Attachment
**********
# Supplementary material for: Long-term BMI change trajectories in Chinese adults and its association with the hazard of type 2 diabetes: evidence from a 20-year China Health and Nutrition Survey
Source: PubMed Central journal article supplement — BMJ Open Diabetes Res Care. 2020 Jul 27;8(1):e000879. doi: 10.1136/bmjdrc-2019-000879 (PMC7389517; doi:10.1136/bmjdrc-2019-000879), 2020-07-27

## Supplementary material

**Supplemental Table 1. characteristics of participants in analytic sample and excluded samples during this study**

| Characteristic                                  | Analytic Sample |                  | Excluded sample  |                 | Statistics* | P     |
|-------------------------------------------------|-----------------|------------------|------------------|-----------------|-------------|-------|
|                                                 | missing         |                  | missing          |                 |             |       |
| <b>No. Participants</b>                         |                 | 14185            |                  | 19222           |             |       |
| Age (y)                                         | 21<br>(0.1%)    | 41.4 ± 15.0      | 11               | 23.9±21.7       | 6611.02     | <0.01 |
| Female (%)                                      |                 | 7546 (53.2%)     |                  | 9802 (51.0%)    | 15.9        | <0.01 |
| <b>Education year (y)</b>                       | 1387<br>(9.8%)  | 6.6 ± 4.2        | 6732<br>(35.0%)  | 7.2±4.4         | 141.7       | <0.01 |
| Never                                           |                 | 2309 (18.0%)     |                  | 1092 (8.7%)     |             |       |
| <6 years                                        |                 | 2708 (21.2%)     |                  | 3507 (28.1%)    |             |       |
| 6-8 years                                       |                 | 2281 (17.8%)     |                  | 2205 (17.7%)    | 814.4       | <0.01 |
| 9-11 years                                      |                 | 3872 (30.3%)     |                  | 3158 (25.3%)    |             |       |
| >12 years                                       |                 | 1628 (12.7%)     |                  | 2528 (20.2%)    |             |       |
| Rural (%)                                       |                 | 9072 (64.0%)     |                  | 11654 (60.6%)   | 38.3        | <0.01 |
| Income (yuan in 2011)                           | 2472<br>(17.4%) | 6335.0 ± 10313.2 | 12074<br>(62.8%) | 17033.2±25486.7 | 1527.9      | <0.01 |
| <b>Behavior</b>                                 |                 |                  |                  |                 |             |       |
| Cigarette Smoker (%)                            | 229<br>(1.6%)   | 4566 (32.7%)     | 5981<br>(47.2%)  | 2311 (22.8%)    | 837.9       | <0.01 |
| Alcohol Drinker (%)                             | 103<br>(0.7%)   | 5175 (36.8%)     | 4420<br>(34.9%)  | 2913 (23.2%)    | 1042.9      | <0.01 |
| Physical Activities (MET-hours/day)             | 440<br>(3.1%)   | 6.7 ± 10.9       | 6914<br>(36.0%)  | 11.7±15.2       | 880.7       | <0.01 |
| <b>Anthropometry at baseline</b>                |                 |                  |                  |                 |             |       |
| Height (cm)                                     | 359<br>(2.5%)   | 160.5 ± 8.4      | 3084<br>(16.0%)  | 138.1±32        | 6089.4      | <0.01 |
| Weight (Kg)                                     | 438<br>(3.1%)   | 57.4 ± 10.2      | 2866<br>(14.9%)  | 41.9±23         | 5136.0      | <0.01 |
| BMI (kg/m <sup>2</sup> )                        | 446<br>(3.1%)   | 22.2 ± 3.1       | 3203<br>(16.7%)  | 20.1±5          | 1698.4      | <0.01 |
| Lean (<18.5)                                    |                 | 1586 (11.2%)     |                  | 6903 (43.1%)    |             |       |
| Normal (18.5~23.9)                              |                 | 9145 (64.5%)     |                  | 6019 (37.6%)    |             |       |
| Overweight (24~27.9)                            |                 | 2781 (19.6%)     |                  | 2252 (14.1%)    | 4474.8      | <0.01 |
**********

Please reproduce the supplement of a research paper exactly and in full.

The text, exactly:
# Supplementary material for: Long-term BMI change trajectories in Chinese adults and its association with the hazard of type 2 diabetes: evidence from a 20-year China Health and Nutrition Survey
Source: PubMed Central journal article supplement — BMJ Open Diabetes Res Care. 2020 Jul 27;8(1):e000879. doi: 10.1136/bmjdrc-2019-000879 (PMC7389517; doi:10.1136/bmjdrc-2019-000879), 2020-07-27

## Supplementary material

**Supplemental Table 1. characteristics of participants in analytic sample and excluded samples during this study**

| Characteristic                                  | Analytic Sample |                  | Excluded sample  |                 | Statistics* | P     |
|-------------------------------------------------|-----------------|------------------|------------------|-----------------|-------------|-------|
|                                                 | missing         |                  | missing          |                 |             |       |
| <b>No. Participants</b>                         |                 | 14185            |                  | 19222           |             |       |
| Age (y)                                         | 21<br>(0.1%)    | 41.4 ± 15.0      | 11               | 23.9±21.7       | 6611.02     | <0.01 |
| Female (%)                                      |                 | 7546 (53.2%)     |                  | 9802 (51.0%)    | 15.9        | <0.01 |
| <b>Education year (y)</b>                       | 1387<br>(9.8%)  | 6.6 ± 4.2        | 6732<br>(35.0%)  | 7.2±4.4         | 141.7       | <0.01 |
| Never                                           |                 | 2309 (18.0%)     |                  | 1092 (8.7%)     |             |       |
| <6 years                                        |                 | 2708 (21.2%)     |                  | 3507 (28.1%)    |             |       |
| 6-8 years                                       |                 | 2281 (17.8%)     |                  | 2205 (17.7%)    | 814.4       | <0.01 |
| 9-11 years                                      |                 | 3872 (30.3%)     |                  | 3158 (25.3%)    |             |       |
| >12 years                                       |                 | 1628 (12.7%)     |                  | 2528 (20.2%)    |             |       |
| Rural (%)                                       |                 | 9072 (64.0%)     |                  | 11654 (60.6%)   | 38.3        | <0.01 |
| Income (yuan in 2011)                           | 2472<br>(17.4%) | 6335.0 ± 10313.2 | 12074<br>(62.8%) | 17033.2±25486.7 | 1527.9      | <0.01 |
| <b>Behavior</b>                                 |                 |                  |                  |                 |             |       |
| Cigarette Smoker (%)                            | 229<br>(1.6%)   | 4566 (32.7%)     | 5981<br>(47.2%)  | 2311 (22.8%)    | 837.9       | <0.01 |
| Alcohol Drinker (%)                             | 103<br>(0.7%)   | 5175 (36.8%)     | 4420<br>(34.9%)  | 2913 (23.2%)    | 1042.9      | <0.01 |
| Physical Activities (MET-hours/day)             | 440<br>(3.1%)   | 6.7 ± 10.9       | 6914<br>(36.0%)  | 11.7±15.2       | 880.7       | <0.01 |
| <b>Anthropometry at baseline</b>                |                 |                  |                  |                 |             |       |
| Height (cm)                                     | 359<br>(2.5%)   | 160.5 ± 8.4      | 3084<br>(16.0%)  | 138.1±32        | 6089.4      | <0.01 |
| Weight (Kg)                                     | 438<br>(3.1%)   | 57.4 ± 10.2      | 2866<br>(14.9%)  | 41.9±23         | 5136.0      | <0.01 |
| BMI (kg/m <sup>2</sup> )                        | 446<br>(3.1%)   | 22.2 ± 3.1       | 3203<br>(16.7%)  | 20.1±5          | 1698.4      | <0.01 |
| Lean (<18.5)                                    |                 | 1586 (11.2%)     |                  | 6903 (43.1%)    |             |       |
| Normal (18.5~23.9)                              |                 | 9145 (64.5%)     |                  | 6019 (37.6%)    |             |       |
| Overweight (24~27.9)                            |                 | 2781 (19.6%)     |                  | 2252 (14.1%)    | 4474.8      | <0.01 |